When I was in 10th grade, a very attractive senior guy approached me. I could hardly contain myself. He propositioned me right there and then in the lunchroom. I was dumbstruck. Couldn’t speak. He said he felt this was the best way to ask, where I couldn’t say no, because he promised me it wouldn’t end well.  Not only did I decline him as all of his cronies looked on, I proceeded to give him a tongue lashing that included phrases like, “I suppose it is hard when you believe you are God’s gift to women that a girl would ever say no to you. Not only am I saying no. I am saying never. And all the girls that say yes. They are needy and lonely and will never amount to much.  My self worth isn’t found in what boy I choose to spend time with. My identity is in Jesus.  And Jesus tells me I am not missing much with passing up the likes of you.”  Silence, and then laughter. Roaring laughter. He never spoke to me again, never approached me in the halls, never went out of his way to have an encounter with me.  I learned a lot about the power of words that day.


When I was in college, my sophomore year started a little bumpy. I was engage to be married the following summer and was so excited. I reviewed my finances and found that putting myself through college wasn’t working. I wasn’t receiving enough in grants and loans and scholarships. I was working two part time jobs that I didn’t like and I could barely afford to exist.  Every penny went towards room and board and books.  I knew I needed to drop out of school because I had exhausted all of my resources. I knew I had to meet with my adviser who also happened to be my professor.  I told him my entire story about doing everything I could and I was tapped out.  He asked about my parents, their finances, grandparents, extended family, suggested more loans. I told him I didn’t come from money, grew up on food stamps and government cheese and didn’t have anyone else left in my life to ask for money. He looked at the ring on my finger and said, ” I know you are getting married next year.  You are making the biggest mistake of your life. If you had tried harder in high school you would have gotten more scholarships.” My heart broke a bit that day due to the hurtful words of a professor I admired.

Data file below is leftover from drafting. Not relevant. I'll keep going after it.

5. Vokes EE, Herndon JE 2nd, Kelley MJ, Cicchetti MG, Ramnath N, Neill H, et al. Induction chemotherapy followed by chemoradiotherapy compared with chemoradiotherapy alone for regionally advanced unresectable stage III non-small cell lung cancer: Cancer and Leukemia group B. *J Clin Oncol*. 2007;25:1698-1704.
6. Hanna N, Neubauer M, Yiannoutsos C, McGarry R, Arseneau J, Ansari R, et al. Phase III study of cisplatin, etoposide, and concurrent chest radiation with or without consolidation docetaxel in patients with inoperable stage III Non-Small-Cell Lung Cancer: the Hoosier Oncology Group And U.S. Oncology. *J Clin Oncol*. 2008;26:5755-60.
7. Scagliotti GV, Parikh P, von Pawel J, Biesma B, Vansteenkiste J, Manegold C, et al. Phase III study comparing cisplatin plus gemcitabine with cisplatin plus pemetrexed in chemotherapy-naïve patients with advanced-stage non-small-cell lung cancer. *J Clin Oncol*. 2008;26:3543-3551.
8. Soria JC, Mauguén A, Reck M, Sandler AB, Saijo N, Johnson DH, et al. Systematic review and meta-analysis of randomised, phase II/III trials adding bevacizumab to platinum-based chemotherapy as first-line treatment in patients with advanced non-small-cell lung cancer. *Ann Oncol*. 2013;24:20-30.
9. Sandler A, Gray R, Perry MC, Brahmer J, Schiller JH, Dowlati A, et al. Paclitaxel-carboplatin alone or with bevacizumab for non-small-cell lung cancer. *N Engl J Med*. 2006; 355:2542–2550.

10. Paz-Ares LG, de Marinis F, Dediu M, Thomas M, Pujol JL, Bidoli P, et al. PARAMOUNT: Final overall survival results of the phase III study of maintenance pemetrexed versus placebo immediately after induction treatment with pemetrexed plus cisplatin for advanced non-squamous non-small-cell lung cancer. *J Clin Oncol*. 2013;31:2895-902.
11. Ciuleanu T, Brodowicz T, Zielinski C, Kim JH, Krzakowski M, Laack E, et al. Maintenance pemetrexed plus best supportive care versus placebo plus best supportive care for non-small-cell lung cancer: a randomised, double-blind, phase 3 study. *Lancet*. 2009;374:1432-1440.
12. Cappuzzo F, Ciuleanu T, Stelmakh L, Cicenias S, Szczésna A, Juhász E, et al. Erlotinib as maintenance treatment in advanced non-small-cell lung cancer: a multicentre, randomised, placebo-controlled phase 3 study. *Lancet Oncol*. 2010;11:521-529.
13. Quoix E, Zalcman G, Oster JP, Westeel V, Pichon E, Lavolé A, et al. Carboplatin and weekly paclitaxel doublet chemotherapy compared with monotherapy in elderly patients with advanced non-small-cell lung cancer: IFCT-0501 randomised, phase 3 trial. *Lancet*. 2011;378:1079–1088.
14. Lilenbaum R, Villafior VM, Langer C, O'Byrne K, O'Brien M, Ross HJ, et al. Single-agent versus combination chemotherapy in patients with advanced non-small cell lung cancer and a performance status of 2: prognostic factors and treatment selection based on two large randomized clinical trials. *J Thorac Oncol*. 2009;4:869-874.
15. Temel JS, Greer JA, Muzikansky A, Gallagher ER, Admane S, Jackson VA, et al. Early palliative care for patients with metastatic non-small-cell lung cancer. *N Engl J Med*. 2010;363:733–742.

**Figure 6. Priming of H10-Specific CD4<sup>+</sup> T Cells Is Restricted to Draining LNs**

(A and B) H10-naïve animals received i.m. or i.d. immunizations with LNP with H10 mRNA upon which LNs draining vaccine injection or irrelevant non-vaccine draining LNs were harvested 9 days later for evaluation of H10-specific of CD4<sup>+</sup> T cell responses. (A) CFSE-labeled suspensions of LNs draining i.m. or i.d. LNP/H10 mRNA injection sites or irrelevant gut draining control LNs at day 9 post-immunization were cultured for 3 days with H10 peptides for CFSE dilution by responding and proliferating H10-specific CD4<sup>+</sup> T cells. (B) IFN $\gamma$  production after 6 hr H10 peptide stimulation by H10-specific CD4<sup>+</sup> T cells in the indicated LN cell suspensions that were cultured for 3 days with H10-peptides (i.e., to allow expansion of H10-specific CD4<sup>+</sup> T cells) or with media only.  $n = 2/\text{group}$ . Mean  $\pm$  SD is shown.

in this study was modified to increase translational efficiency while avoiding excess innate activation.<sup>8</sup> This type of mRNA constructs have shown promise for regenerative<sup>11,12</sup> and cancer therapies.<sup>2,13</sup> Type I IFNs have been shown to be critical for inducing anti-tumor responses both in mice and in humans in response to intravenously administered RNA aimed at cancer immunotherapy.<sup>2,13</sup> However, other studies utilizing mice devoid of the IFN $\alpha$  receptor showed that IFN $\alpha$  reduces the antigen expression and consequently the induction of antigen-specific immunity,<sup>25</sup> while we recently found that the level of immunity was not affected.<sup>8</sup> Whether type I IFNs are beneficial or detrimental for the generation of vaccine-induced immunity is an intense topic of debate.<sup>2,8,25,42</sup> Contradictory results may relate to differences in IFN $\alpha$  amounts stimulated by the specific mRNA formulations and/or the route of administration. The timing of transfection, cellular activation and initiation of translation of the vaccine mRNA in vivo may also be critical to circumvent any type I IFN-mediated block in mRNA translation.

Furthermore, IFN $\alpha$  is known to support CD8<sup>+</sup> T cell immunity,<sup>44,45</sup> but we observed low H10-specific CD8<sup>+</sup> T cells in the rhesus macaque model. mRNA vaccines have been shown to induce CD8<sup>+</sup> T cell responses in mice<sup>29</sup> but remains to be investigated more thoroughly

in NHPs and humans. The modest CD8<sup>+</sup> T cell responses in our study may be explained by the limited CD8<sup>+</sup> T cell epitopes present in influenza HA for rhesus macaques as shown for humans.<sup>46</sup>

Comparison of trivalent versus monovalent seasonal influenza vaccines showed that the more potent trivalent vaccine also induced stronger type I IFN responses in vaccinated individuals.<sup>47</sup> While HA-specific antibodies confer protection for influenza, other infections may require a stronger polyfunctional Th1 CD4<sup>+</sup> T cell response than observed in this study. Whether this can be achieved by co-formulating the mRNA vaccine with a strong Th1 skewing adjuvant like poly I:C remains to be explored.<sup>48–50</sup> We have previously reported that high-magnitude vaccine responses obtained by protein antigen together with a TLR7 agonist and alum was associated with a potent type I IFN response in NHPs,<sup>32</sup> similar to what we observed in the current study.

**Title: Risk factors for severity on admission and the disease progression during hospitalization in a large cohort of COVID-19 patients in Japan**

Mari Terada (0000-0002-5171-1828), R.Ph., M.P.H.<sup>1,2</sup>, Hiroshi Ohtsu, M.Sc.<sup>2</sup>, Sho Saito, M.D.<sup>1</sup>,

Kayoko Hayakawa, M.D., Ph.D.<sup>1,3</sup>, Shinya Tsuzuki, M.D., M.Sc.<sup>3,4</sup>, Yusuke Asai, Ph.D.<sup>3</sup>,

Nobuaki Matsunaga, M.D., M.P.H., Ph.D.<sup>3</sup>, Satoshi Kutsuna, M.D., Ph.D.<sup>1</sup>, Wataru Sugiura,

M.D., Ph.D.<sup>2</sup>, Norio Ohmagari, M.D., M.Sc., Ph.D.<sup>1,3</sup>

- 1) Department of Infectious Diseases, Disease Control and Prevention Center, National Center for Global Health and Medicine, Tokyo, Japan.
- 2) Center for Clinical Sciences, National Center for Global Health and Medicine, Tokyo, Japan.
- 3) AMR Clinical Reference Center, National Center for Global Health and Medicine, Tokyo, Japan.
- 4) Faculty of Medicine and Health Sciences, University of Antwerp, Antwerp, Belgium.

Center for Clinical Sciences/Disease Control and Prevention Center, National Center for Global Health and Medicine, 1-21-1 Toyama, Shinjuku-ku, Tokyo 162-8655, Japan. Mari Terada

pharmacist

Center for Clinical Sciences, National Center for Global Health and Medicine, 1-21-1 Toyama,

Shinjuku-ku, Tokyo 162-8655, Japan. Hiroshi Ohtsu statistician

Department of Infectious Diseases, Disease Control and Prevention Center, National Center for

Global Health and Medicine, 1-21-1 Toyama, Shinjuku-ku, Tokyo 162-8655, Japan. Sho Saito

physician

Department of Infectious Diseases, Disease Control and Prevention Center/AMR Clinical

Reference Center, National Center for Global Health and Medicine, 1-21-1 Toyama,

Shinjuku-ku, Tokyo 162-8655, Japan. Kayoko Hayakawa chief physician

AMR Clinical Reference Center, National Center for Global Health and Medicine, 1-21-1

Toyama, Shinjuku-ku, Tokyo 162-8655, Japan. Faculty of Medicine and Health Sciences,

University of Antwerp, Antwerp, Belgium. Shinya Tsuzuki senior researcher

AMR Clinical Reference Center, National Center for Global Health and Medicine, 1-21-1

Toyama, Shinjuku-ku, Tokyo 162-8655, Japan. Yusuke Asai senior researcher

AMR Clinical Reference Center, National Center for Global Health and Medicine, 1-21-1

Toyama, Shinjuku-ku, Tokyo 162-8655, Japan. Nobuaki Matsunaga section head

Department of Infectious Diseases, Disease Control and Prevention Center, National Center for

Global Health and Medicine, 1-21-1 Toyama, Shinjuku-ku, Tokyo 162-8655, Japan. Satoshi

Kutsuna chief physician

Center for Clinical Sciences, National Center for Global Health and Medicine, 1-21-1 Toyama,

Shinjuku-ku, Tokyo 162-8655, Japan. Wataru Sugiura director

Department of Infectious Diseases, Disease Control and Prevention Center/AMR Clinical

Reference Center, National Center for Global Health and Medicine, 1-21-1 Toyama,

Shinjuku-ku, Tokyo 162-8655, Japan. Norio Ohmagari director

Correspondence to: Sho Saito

All of these events happened to me. Happened around me, near me, in front of my eyes.  They hurt, they wounded, yet they molded and enhanced who I am today.  These experiences were sad, some horrible, but my life is what I have made of it. There are probably 100 more of these happenings that contributed to who I am and what I think. I have formed habits based on life events. I have pursued certain things, and avoid others. I have run headstrong towards things I desired and backed away slowly from hurt and angst.


But sadness? Yes. There has been sadness. But the sadness isn’t where I choose to dwell. The sadness isn’t where I will stay camped out. I won’t wallow. I won’t take up permanent residence there.  What I will do, is refocus on those times that I learned something. Those times that I walked away in awe. Those times I smiled because it seemed like the most natural thing to do. The times when I was surrounded by those that I love. The times when heart to heart hugs warmed the soul and letting go wasn’t something that I would ever wish for. I will also focus on the times when simple things such as a sunset, swimming in the pool with my children or a solitude walk have been the perfect close to an amazing day.


By focusing on these times of happiness, I have washed every item of clothing I own. I have folded them and hung them in my closet for future use. My washing machine has been serviced and I plan on doing my own laundry for the rest of my days.  I do not wear sadness well



Kelli Gavin lives in Carver, Minnesota with Josh, her husband of an obscene amount of years and they have two crazy kids. She is a Writer, Professional Organizer and owns Home & Life Organization and a small Jewelry Company. She enjoys writing, reading, swimming, and spending time with family and friends. She abhors walks on the beach (sand in places no one wishes sand to be), candle lit dinners, (can’t see) and the idea of cooking two nights in a row (no thank you).

Find Kelli on Facebook, Twitter and Instagram @KelliJGavin